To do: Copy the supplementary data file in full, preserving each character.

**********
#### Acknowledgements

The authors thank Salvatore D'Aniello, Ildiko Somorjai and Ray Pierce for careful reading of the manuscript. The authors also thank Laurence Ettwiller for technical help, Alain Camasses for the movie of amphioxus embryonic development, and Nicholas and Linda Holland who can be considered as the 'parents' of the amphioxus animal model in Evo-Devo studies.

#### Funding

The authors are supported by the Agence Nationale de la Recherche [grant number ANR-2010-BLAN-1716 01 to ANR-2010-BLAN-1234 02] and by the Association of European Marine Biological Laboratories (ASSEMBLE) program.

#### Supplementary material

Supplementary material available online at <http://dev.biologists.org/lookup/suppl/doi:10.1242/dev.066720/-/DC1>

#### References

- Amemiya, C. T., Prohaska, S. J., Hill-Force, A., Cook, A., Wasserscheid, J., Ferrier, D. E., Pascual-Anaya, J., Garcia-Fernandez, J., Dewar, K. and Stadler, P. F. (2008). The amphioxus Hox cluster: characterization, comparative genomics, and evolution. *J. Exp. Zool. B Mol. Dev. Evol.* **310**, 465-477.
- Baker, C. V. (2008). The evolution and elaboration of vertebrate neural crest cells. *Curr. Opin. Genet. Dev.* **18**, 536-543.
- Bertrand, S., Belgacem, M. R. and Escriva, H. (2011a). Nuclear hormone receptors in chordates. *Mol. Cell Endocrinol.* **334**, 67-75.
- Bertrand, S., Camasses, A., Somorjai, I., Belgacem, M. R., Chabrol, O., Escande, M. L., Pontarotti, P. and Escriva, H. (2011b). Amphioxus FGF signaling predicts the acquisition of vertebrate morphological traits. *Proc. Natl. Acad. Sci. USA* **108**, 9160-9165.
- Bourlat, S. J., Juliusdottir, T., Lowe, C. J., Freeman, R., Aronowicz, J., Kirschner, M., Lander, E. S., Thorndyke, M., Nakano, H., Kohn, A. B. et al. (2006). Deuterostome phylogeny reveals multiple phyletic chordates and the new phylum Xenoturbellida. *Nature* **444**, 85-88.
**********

#### Acknowledgements

The authors thank Salvatore D'Aniello, Ildiko Somorjai and Ray Pierce for careful reading of the manuscript. The authors also thank Laurence Ettwiller for technical help, Alain Camasses for the movie of amphioxus embryonic development, and Nicholas and Linda Holland who can be considered as the 'parents' of the amphioxus animal model in Evo-Devo studies.

#### Funding

The authors are supported by the Agence Nationale de la Recherche [grant number ANR-2010-BLAN-1716 01 to ANR-2010-BLAN-1234 02] and by the Association of European Marine Biological Laboratories (ASSEMBLE) program.

#### Supplementary material

Supplementary material available online at <http://dev.biologists.org/lookup/suppl/doi:10.1242/dev.066720/-/DC1>

#### References

- Amemiya, C. T., Prohaska, S. J., Hill-Force, A., Cook, A., Wasserscheid, J., Ferrier, D. E., Pascual-Anaya, J., Garcia-Fernandez, J., Dewar, K. and Stadler, P. F. (2008). The amphioxus Hox cluster: characterization, comparative genomics, and evolution. *J. Exp. Zool. B Mol. Dev. Evol.* **310**, 465-477.
- Baker, C. V. (2008). The evolution and elaboration of vertebrate neural crest cells. *Curr. Opin. Genet. Dev.* **18**, 536-543.
- Bertrand, S., Belgacem, M. R. and Escriva, H. (2011a). Nuclear hormone receptors in chordates. *Mol. Cell Endocrinol.* **334**, 67-75.
- Bertrand, S., Camasses, A., Somorjai, I., Belgacem, M. R., Chabrol, O., Escande, M. L., Pontarotti, P. and Escriva, H. (2011b). Amphioxus FGF signaling predicts the acquisition of vertebrate morphological traits. *Proc. Natl. Acad. Sci. USA* **108**, 9160-9165.
- Bourlat, S. J., Juliusdottir, T., Lowe, C. J., Freeman, R., Aronowicz, J., Kirschner, M., Lander, E. S., Thorndyke, M., Nakano, H., Kohn, A. B. et al. (2006). Deuterostome phylogeny reveals multiple phyletic chordates and the new phylum Xenoturbellida. *Nature* **444**, 85-88.